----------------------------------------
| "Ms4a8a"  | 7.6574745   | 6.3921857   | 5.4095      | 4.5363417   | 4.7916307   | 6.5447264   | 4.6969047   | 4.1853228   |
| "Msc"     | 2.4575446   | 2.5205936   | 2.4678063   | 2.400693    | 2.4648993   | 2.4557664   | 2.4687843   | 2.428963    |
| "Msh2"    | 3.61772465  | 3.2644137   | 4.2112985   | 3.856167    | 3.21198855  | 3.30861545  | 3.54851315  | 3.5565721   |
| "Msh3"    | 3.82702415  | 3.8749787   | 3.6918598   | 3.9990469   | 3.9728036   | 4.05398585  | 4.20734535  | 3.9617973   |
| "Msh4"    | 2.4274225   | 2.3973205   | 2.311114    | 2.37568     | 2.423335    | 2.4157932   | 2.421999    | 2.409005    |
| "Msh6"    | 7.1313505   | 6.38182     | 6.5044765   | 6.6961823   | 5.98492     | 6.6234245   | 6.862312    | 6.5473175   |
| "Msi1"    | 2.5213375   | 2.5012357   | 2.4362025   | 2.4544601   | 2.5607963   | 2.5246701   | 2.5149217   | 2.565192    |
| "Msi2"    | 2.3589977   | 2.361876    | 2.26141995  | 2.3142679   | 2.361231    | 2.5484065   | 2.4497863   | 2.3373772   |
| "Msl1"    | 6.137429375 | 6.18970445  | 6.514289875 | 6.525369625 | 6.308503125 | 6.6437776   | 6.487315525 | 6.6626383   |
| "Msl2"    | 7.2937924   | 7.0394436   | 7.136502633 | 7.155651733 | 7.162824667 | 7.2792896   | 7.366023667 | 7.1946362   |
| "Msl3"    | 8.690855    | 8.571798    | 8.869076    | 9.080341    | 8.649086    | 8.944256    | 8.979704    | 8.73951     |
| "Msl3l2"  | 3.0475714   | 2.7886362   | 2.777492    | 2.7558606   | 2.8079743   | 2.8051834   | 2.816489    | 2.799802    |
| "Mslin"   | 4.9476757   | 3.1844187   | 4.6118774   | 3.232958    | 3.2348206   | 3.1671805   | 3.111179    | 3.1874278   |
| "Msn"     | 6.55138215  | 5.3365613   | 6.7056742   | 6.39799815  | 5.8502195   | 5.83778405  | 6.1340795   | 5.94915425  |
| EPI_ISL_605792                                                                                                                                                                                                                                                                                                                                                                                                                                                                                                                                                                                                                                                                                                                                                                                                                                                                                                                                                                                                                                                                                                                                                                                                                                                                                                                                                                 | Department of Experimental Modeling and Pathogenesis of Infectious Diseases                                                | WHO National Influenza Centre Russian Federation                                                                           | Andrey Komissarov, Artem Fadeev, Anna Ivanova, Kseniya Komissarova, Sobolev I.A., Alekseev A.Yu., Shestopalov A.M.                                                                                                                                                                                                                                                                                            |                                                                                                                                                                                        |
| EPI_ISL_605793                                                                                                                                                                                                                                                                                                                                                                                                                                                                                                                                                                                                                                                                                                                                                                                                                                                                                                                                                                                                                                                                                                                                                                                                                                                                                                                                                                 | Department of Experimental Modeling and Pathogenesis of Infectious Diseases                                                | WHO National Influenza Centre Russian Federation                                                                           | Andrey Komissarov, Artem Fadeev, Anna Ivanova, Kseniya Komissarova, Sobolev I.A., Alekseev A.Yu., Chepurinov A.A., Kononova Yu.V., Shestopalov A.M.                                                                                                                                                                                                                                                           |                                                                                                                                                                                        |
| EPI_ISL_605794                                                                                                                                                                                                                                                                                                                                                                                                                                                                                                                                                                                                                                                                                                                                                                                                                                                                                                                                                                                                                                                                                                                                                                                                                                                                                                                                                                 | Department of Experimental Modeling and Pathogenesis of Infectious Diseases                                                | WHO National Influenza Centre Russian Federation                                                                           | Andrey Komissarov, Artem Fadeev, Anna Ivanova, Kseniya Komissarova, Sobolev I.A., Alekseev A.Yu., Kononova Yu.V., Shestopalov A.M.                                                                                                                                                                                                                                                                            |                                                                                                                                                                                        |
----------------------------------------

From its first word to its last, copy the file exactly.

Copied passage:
| "Ms4a8a"  | 7.6574745   | 6.3921857   | 5.4095      | 4.5363417   | 4.7916307   | 6.5447264   | 4.6969047   | 4.1853228   |
| "Msc"     | 2.4575446   | 2.5205936   | 2.4678063   | 2.400693    | 2.4648993   | 2.4557664   | 2.4687843   | 2.428963    |
| "Msh2"    | 3.61772465  | 3.2644137   | 4.2112985   | 3.856167    | 3.21198855  | 3.30861545  | 3.54851315  | 3.5565721   |
| "Msh3"    | 3.82702415  | 3.8749787   | 3.6918598   | 3.9990469   | 3.9728036   | 4.05398585  | 4.20734535  | 3.9617973   |
| "Msh4"    | 2.4274225   | 2.3973205   | 2.311114    | 2.37568     | 2.423335    | 2.4157932   | 2.421999    | 2.409005    |
| "Msh6"    | 7.1313505   | 6.38182     | 6.5044765   | 6.6961823   | 5.98492     | 6.6234245   | 6.862312    | 6.5473175   |
| "Msi1"    | 2.5213375   | 2.5012357   | 2.4362025   | 2.4544601   | 2.5607963   | 2.5246701   | 2.5149217   | 2.565192    |
| "Msi2"    | 2.3589977   | 2.361876    | 2.26141995  | 2.3142679   | 2.361231    | 2.5484065   | 2.4497863   | 2.3373772   |
| "Msl1"    | 6.137429375 | 6.18970445  | 6.514289875 | 6.525369625 | 6.308503125 | 6.6437776   | 6.487315525 | 6.6626383   |
| "Msl2"    | 7.2937924   | 7.0394436   | 7.136502633 | 7.155651733 | 7.162824667 | 7.2792896   | 7.366023667 | 7.1946362   |
| "Msl3"    | 8.690855    | 8.571798    | 8.869076    | 9.080341    | 8.649086    | 8.944256    | 8.979704    | 8.73951     |
| "Msl3l2"  | 3.0475714   | 2.7886362   | 2.777492    | 2.7558606   | 2.8079743   | 2.8051834   | 2.816489    | 2.799802    |
| "Mslin"   | 4.9476757   | 3.1844187   | 4.6118774   | 3.232958    | 3.2348206   | 3.1671805   | 3.111179    | 3.1874278   |
| "Msn"     | 6.55138215  | 5.3365613   | 6.7056742   | 6.39799815  | 5.8502195   | 5.83778405  | 6.1340795   | 5.94915425  |
| EPI_ISL_605792                                                                                                                                                                                                                                                                                                                                                                                                                                                                                                                                                                                                                                                                                                                                                                                                                                                                                                                                                                                                                                                                                                                                                                                                                                                                                                                                                                 | Department of Experimental Modeling and Pathogenesis of Infectious Diseases                                                | WHO National Influenza Centre Russian Federation                                                                           | Andrey Komissarov, Artem Fadeev, Anna Ivanova, Kseniya Komissarova, Sobolev I.A., Alekseev A.Yu., Shestopalov A.M.                                                                                                                                                                                                                                                                                            |                                                                                                                                                                                        |
| EPI_ISL_605793                                                                                                                                                                                                                                                                                                                                                                                                                                                                                                                                                                                                                                                                                                                                                                                                                                                                                                                                                                                                                                                                                                                                                                                                                                                                                                                                                                 | Department of Experimental Modeling and Pathogenesis of Infectious Diseases                                                | WHO National Influenza Centre Russian Federation                                                                           | Andrey Komissarov, Artem Fadeev, Anna Ivanova, Kseniya Komissarova, Sobolev I.A., Alekseev A.Yu., Chepurinov A.A., Kononova Yu.V., Shestopalov A.M.                                                                                                                                                                                                                                                           |                                                                                                                                                                                        |
| EPI_ISL_605794                                                                                                                                                                                                                                                                                                                                                                                                                                                                                                                                                                                                                                                                                                                                                                                                                                                                                                                                                                                                                                                                                                                                                                                                                                                                                                                                                                 | Department of Experimental Modeling and Pathogenesis of Infectious Diseases                                                | WHO National Influenza Centre Russian Federation                                                                           | Andrey Komissarov, Artem Fadeev, Anna Ivanova, Kseniya Komissarova, Sobolev I.A., Alekseev A.Yu., Kononova Yu.V., Shestopalov A.M.                                                                                                                                                                                                                                                                            |                                                                                                                                                                                        |